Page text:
Hybrid LCC of appliances with different energy efficiency

Shinichiro Nakamura*, Yasushi Kondo

*Corresponding author for this work

Research output: Contribution to journalArticlepeer-review

33 Citations (Scopus)


Goal, Scope and Background. This paper is concerned with a life cycle assessment (LCA) and life cycle costing (LCC) by the use of the waste input-output (WIO) quantity- and price model of air conditioners with different energy efficiency at the use phase (high-end, low-end and average models) that were available in Japan as of winter 2002. The functional unit is an air conditioner of the 2.5kW type that is used for 10 years, and then subjected to an end-of-life (EoL) process that is consistent with the Japanese law on the recycling of appliances. Methods. This is the first simultaneous application of the WIO methodology to an LCA and LCC over the entire life-cycle of a product including the use phase, and represents a methodological extension (in the sense of considering the use phase) and integration (in the sense of a simultaneous application) of previous studies by us (Kondo and Nakamura, Int J LCA 2004, Nakamura and Kondo, Ecol Econ 2006). The main body of data is provided by the WIO table for the year 2000, an update of the previous table for 1995 that was used in the above WIO studies. Compared with the WIO table for 1995 that consisted of only about 80 industry sectors, the current one consists of about 400 industry sectors, and includes air conditioner as a separate sector. The data on the purchase price and efficiency of air conditioners indicate wide variations: the cheapest one (the low-end model) costs half of the most expensive one (the high-end model), but its efficiency is about half of the latter. Results and Discussion. When the cost in the use and EoL phases is included, the low-end model becomes the most expensive one, and the high-end model with the highest purchase cost the least expensive. This reversal of the relative cost levels is attributed to the difference in the efficiency in the use phase. A sensitivity analysis indicates that a reduction of the electricity price in the use phase by about 40% does not alter the significant superiority of the high-end model over the low-end model. In spite of the largest amount of input in the production phase, the high-end model performs the best in terms of both global warming potential (GWP) and landfill, while the low-end model performs the worst. The use phase generates the largest amount of waste for landfill across the three models, the largest component of which is fly ash generated from coal firing power plants. A possible internalization of externality in the form of carbon tax was found to work in favor of the high-end model. The cost advantage of the high-end model, however, is sensitive to the rate of discounting of future costs: discounting at 15% diminishes its advantage over the low-end model. Recommendation and Perspective. The results indicate the effectiveness of the pricing based on the life cycle cost for achieving sustainability, that is, for promoting the shift of the demand away from appliances with low environmental performance to the one with higher environmental performance. Acceptance by society of pricing based on life cycle costing would require, among other things, an economy-wide standardization of the LCC concept (in a manner analogous to ISO-LCA) that can be used complementary to ISO-LCA.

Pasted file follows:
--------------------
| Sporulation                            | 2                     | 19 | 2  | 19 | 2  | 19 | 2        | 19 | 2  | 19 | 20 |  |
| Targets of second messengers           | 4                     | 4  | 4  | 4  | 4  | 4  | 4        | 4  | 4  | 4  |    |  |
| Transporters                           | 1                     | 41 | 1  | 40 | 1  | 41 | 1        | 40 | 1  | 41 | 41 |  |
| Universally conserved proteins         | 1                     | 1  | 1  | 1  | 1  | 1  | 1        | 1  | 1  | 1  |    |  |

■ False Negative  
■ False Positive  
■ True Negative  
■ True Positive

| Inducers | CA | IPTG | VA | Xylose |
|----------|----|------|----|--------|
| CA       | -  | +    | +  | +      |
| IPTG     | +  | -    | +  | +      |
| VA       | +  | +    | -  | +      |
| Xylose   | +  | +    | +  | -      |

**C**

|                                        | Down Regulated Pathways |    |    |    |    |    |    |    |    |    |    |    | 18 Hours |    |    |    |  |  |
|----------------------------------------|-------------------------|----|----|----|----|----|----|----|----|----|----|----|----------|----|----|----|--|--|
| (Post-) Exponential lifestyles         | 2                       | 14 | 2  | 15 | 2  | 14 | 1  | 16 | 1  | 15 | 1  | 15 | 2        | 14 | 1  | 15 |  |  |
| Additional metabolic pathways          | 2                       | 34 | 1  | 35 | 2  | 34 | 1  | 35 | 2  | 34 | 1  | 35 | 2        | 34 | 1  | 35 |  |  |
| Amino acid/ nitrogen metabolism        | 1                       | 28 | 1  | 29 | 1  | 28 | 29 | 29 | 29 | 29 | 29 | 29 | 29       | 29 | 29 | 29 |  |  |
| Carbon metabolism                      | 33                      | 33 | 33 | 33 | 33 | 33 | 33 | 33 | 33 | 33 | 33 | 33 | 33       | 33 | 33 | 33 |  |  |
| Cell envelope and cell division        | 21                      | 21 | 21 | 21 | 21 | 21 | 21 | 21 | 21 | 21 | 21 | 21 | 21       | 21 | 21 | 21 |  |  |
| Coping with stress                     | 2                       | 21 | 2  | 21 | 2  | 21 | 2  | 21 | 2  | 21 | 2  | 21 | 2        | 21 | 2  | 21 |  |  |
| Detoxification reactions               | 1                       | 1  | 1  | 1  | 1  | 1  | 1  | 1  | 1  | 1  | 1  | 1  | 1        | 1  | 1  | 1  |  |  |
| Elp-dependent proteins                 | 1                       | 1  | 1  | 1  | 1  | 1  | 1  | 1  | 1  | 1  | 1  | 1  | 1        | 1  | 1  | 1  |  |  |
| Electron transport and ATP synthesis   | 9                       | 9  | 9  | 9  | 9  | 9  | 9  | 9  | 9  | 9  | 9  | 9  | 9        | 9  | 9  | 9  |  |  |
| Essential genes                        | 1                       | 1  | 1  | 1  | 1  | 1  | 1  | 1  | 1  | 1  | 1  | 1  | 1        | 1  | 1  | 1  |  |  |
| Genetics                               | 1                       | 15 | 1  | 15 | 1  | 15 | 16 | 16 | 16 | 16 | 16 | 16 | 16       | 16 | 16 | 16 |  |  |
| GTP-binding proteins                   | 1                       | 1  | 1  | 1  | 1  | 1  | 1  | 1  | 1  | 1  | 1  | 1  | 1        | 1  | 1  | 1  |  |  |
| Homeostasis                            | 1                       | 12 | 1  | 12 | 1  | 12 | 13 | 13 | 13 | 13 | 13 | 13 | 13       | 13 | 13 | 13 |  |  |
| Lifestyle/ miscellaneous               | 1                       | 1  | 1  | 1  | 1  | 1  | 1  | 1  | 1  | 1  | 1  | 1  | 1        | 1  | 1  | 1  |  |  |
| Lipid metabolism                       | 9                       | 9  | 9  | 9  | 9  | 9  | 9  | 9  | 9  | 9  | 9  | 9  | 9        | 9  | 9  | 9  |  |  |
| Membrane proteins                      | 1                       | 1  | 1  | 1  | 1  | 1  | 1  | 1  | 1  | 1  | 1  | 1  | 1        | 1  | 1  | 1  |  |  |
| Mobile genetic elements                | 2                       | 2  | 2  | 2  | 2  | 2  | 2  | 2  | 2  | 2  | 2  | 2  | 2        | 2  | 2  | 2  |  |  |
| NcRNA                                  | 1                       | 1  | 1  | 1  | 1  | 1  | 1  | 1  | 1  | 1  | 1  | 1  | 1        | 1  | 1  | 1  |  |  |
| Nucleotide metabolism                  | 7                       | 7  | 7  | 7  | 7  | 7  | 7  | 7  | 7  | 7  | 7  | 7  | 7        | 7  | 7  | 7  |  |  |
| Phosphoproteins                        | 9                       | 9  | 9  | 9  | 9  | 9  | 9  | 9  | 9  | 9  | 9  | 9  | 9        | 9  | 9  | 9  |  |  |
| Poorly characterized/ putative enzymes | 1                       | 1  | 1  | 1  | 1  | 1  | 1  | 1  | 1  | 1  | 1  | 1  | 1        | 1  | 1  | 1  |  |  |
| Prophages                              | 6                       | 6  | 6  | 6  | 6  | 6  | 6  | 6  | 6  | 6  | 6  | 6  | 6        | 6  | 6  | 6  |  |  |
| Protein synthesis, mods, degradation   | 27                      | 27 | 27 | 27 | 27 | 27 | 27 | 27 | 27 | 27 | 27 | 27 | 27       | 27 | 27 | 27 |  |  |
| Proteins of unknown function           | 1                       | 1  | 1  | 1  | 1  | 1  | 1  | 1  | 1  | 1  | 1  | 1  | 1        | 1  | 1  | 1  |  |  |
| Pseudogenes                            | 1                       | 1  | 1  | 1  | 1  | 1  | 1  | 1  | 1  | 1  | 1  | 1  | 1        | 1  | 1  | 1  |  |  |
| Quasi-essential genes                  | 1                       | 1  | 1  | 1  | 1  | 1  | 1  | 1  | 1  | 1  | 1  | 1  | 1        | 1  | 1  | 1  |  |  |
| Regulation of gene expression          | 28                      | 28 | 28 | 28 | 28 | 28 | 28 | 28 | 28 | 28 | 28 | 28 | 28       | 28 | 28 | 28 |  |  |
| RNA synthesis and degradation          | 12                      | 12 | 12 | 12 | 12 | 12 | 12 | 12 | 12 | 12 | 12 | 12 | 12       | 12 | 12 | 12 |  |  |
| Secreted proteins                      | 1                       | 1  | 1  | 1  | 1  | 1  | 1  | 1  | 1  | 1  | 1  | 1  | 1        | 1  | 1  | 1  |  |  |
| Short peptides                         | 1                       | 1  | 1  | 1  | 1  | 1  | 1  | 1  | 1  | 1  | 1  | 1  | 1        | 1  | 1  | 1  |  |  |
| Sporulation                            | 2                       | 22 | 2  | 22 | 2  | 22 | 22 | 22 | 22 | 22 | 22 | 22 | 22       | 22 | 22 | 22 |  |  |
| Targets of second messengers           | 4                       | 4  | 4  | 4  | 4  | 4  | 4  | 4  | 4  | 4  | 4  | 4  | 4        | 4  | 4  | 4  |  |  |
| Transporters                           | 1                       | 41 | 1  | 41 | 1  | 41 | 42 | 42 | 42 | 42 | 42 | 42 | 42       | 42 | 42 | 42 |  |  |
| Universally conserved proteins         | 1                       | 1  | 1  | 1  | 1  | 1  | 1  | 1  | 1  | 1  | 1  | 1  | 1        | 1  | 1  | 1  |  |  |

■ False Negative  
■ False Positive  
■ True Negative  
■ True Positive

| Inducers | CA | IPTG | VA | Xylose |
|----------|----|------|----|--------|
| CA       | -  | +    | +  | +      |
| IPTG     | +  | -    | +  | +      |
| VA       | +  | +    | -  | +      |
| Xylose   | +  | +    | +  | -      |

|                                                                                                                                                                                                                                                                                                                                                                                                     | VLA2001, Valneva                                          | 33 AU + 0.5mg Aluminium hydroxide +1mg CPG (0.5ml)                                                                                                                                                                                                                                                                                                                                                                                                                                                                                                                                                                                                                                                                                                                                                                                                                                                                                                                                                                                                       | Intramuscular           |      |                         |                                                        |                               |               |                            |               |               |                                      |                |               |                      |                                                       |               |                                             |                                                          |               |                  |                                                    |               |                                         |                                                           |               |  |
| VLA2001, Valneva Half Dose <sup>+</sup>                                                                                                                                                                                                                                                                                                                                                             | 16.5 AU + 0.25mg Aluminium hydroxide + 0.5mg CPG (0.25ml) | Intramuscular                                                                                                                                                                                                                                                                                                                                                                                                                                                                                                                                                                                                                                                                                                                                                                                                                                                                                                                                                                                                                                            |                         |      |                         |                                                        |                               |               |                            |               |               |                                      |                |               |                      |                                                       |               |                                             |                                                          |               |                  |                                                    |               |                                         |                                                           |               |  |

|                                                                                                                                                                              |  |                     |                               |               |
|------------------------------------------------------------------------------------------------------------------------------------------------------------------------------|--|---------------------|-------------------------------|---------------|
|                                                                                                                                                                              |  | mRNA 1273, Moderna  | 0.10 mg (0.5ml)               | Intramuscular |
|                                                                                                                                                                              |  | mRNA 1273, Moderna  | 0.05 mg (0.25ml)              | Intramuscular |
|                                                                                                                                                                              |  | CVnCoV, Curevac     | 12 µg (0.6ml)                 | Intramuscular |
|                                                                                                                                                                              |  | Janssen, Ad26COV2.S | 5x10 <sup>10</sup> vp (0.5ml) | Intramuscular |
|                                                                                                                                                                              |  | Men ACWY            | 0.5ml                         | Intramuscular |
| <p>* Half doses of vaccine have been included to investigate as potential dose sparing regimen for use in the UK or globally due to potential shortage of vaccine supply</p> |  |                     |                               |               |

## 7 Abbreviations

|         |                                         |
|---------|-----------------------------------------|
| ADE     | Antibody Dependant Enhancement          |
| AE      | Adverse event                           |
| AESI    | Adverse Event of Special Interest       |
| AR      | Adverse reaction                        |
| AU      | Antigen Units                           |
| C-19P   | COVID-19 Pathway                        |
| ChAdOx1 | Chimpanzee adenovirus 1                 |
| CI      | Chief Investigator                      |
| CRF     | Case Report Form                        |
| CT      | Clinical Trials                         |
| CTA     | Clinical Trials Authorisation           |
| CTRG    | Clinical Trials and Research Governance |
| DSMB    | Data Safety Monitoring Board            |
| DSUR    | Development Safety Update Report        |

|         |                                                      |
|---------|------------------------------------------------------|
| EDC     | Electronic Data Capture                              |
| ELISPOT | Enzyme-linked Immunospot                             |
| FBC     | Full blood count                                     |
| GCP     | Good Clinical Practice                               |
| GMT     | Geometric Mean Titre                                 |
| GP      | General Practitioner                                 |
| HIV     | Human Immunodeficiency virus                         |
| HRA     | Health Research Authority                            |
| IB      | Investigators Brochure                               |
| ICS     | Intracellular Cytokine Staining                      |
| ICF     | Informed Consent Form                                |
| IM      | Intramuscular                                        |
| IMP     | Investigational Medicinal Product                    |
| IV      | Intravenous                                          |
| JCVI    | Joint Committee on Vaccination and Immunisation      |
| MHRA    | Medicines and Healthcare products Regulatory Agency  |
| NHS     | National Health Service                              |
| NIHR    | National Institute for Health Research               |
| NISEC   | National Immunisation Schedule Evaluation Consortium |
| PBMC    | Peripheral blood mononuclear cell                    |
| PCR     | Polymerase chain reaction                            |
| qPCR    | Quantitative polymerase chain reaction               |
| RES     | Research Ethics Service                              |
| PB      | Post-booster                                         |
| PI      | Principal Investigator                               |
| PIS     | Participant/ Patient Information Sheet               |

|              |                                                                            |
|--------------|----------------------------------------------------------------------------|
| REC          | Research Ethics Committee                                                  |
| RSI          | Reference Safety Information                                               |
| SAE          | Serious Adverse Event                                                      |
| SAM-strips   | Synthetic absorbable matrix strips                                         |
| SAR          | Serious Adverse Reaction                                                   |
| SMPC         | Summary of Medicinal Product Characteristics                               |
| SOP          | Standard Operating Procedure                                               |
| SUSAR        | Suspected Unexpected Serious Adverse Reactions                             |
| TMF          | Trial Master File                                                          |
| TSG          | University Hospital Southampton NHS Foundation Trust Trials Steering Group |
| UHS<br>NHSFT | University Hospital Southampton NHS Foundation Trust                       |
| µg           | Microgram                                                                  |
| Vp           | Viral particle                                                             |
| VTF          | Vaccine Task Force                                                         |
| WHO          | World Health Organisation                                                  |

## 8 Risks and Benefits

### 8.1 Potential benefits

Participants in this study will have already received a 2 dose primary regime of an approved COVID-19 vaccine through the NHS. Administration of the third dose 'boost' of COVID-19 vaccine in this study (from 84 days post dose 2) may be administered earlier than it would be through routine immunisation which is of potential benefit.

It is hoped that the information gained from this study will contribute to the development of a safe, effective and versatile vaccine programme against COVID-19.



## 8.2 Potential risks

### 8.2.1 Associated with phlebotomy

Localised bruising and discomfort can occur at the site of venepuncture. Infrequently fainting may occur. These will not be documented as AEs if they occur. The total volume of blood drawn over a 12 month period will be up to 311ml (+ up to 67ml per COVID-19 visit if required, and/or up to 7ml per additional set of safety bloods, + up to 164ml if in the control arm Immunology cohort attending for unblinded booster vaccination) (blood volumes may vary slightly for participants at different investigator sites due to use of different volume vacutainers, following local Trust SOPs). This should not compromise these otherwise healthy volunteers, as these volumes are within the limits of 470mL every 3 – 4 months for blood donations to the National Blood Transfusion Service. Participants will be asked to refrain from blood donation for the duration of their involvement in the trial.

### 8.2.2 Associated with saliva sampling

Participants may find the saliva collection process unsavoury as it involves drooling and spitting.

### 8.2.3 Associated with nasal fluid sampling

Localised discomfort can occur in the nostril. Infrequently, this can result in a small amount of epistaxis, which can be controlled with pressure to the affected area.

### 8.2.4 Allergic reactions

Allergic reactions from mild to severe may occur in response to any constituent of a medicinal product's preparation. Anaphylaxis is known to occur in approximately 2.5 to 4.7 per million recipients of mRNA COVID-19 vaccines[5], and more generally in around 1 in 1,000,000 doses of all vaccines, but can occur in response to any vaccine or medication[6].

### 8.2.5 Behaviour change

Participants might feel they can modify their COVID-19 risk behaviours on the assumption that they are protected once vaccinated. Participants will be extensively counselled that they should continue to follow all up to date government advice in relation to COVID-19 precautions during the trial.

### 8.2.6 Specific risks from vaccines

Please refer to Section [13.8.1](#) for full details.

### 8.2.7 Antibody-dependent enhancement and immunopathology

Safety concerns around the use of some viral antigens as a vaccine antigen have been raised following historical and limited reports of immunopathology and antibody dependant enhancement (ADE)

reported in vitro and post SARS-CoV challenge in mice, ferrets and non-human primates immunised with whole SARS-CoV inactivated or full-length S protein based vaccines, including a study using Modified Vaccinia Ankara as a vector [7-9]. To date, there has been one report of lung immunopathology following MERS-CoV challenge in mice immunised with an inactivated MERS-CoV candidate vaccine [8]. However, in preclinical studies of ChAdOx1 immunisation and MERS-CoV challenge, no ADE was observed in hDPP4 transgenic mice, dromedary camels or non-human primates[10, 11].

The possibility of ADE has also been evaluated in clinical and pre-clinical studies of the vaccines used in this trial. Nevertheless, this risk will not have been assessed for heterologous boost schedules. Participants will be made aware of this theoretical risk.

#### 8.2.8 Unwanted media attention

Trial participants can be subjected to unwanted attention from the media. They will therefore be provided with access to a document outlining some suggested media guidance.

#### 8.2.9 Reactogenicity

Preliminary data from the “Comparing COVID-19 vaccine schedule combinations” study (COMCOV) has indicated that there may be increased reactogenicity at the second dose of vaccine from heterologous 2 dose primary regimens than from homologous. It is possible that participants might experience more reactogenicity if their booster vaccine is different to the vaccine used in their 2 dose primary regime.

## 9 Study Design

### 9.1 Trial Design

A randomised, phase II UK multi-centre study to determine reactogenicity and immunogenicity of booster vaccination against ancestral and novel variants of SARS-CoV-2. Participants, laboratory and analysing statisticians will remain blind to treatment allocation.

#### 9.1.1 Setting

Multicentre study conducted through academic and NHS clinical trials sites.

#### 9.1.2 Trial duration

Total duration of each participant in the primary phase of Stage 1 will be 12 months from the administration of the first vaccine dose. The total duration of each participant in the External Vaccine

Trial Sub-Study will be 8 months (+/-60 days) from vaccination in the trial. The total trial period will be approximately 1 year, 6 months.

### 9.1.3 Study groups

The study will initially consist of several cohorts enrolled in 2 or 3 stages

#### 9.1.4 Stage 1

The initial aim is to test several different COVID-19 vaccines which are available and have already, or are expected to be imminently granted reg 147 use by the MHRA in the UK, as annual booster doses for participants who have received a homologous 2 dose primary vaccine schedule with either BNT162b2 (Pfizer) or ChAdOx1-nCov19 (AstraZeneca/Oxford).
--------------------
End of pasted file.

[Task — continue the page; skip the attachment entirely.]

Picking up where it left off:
Original languageEnglish
Pages (from-to)305-314
Number of pages10
JournalInternational Journal of Life Cycle Assessment
Issue number5
Publication statusPublished - 2006 Sept


  • Air conditioner
  • Carbon tax
  • Life cycle costing
  • Waste input-output

ASJC Scopus subject areas

  • Environmental Science(all)


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